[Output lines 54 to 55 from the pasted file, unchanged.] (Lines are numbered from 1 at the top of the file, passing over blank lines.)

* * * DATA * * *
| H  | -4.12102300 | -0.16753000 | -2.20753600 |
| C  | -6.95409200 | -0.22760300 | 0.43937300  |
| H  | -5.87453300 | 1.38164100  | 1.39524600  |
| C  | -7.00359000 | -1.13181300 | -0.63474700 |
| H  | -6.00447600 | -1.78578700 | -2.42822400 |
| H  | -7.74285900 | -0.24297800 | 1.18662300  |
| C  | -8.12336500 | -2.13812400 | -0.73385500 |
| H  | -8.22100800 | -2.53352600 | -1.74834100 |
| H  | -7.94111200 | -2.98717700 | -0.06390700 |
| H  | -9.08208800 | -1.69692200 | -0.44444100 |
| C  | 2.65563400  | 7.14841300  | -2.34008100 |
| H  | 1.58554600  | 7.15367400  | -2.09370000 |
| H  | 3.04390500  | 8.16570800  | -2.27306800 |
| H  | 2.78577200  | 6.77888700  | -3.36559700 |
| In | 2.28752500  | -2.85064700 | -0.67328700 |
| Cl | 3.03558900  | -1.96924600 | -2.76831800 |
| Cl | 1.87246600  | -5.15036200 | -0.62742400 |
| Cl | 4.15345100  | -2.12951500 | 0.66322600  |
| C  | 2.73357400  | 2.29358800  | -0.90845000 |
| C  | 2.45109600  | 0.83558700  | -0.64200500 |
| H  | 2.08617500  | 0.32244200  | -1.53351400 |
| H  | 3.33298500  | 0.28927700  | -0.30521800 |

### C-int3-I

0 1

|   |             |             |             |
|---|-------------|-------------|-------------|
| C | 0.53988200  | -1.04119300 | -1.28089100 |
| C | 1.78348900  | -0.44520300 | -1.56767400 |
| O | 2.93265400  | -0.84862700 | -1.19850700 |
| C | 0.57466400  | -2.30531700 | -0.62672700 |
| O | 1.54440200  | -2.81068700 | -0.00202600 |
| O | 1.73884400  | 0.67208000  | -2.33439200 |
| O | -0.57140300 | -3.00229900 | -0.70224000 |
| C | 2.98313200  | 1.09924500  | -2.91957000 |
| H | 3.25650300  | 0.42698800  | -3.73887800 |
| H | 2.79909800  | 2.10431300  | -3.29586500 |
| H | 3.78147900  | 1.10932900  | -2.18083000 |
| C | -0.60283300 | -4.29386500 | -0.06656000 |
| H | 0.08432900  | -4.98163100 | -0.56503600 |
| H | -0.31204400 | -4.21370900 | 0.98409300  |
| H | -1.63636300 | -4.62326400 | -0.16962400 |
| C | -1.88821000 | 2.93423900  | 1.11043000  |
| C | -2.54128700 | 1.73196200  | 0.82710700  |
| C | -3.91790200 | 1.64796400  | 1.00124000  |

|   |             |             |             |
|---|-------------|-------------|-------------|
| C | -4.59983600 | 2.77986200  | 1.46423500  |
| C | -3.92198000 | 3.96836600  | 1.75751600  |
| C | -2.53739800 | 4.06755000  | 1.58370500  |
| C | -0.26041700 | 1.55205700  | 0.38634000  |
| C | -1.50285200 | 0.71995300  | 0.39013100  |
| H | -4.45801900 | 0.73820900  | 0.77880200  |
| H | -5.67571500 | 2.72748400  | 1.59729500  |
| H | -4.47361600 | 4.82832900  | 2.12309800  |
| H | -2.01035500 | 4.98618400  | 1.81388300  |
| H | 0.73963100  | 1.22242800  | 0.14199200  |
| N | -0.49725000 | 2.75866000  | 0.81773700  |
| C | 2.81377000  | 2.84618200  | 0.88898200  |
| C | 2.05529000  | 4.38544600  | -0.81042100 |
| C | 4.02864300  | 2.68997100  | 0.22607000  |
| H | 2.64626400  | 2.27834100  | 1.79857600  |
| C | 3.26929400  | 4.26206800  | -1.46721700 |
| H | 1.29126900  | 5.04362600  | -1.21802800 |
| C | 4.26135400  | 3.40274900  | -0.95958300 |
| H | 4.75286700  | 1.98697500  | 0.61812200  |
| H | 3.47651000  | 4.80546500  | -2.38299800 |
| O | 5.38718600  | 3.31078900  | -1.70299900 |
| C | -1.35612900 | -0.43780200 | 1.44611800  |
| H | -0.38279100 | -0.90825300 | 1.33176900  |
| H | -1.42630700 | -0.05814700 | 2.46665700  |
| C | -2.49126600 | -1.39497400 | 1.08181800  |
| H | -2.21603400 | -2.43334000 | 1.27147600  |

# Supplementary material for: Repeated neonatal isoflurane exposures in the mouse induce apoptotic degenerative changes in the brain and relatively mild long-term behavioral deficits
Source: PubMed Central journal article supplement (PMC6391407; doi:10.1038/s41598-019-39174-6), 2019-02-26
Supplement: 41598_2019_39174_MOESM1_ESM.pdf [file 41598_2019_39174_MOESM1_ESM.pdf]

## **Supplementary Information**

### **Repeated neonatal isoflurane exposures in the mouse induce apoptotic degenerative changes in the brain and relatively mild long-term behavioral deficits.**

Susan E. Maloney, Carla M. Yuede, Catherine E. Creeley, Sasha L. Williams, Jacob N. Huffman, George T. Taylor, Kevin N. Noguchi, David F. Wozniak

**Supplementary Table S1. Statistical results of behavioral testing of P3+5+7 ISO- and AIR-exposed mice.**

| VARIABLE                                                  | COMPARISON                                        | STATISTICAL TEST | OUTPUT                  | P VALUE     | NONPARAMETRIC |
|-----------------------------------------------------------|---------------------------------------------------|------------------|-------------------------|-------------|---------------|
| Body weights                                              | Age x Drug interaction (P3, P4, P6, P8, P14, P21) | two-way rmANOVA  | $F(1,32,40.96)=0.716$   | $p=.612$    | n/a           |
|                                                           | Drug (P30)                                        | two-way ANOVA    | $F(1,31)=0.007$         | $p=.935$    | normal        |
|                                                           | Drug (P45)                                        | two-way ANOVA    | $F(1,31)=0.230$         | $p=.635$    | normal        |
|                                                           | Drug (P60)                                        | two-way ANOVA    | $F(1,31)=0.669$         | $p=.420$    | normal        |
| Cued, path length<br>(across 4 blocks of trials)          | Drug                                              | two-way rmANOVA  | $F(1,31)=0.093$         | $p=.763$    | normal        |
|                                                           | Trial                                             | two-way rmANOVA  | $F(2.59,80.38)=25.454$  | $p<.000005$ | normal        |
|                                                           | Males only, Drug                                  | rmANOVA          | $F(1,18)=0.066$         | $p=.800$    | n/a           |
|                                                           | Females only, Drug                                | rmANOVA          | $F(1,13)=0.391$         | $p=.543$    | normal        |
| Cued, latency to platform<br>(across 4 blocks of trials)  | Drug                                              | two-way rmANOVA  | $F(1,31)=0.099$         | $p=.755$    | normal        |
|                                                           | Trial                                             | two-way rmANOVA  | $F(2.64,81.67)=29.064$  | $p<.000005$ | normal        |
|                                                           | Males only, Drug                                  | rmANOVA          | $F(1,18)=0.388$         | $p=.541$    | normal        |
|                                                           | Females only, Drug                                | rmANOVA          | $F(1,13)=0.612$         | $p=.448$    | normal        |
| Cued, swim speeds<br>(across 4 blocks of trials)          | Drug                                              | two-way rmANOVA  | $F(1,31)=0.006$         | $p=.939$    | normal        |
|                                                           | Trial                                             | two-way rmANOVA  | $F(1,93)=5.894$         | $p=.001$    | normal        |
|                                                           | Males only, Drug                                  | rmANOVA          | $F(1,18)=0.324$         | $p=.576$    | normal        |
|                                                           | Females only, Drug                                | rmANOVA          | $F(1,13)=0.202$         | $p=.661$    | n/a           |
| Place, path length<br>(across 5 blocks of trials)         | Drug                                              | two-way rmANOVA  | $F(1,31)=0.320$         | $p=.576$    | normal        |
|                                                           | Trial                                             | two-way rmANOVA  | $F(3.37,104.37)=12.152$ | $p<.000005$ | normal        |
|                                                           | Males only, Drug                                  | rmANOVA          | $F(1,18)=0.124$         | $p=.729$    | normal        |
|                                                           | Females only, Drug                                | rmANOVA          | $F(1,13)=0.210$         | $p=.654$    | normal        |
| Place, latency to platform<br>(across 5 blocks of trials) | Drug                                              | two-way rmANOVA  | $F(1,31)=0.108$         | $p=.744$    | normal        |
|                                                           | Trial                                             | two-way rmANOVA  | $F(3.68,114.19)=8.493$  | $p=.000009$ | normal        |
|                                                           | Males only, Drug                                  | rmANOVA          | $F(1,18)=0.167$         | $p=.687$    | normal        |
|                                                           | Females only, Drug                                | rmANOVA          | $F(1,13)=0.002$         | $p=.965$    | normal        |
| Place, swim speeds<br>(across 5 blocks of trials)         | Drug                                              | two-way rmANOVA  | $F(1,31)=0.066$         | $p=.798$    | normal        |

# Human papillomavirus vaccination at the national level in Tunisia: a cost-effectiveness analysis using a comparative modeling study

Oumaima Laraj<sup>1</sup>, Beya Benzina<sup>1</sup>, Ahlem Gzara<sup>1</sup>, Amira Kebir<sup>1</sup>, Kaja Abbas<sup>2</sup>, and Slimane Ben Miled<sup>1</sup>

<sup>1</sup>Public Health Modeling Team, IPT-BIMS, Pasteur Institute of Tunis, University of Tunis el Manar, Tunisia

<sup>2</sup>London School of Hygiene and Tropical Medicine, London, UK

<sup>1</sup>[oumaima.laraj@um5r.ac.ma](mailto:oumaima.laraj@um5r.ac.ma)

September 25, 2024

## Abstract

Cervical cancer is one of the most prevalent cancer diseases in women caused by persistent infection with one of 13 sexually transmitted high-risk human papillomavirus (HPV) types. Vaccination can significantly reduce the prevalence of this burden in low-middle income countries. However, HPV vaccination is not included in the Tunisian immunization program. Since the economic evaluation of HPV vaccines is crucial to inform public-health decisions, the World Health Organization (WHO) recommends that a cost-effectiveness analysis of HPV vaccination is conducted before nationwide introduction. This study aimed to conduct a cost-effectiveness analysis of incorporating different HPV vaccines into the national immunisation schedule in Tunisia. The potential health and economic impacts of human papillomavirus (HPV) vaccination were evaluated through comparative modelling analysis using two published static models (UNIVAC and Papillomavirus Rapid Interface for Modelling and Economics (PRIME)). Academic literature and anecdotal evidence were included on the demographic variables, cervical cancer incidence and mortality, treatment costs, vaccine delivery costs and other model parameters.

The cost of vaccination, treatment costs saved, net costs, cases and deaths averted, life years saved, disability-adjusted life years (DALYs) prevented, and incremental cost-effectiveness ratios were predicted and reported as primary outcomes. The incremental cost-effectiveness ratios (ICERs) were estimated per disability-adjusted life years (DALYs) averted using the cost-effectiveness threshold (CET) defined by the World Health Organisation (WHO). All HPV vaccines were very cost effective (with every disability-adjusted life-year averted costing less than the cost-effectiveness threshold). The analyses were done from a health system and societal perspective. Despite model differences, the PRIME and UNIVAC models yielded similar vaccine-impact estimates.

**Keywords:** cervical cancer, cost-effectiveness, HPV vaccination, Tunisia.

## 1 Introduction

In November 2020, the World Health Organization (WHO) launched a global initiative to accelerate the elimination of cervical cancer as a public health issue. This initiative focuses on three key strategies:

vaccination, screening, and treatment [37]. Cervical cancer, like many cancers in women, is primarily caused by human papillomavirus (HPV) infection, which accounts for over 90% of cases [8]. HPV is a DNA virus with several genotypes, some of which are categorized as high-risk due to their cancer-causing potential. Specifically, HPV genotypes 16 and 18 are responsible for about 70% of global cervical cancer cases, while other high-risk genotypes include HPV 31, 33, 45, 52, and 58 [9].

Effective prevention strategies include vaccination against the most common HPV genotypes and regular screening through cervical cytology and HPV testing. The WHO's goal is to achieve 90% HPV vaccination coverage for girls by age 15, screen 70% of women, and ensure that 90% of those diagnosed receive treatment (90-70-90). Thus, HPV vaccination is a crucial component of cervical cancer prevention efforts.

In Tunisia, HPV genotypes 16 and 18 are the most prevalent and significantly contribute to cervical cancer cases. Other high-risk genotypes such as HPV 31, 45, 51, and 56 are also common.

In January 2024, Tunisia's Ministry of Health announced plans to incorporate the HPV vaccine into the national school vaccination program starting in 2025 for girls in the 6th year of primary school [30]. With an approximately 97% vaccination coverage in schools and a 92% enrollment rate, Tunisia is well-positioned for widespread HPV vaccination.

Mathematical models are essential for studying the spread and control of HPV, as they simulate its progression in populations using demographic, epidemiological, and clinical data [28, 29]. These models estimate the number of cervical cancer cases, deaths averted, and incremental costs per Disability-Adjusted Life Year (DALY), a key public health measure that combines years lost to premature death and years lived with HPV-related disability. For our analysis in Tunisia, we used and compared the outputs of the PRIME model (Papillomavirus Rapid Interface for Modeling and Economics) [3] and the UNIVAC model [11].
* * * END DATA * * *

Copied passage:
| H | -4.47361600 | 4.82832900  | 2.12309800  |
| H | -2.01035500 | 4.98618400  | 1.81388300  |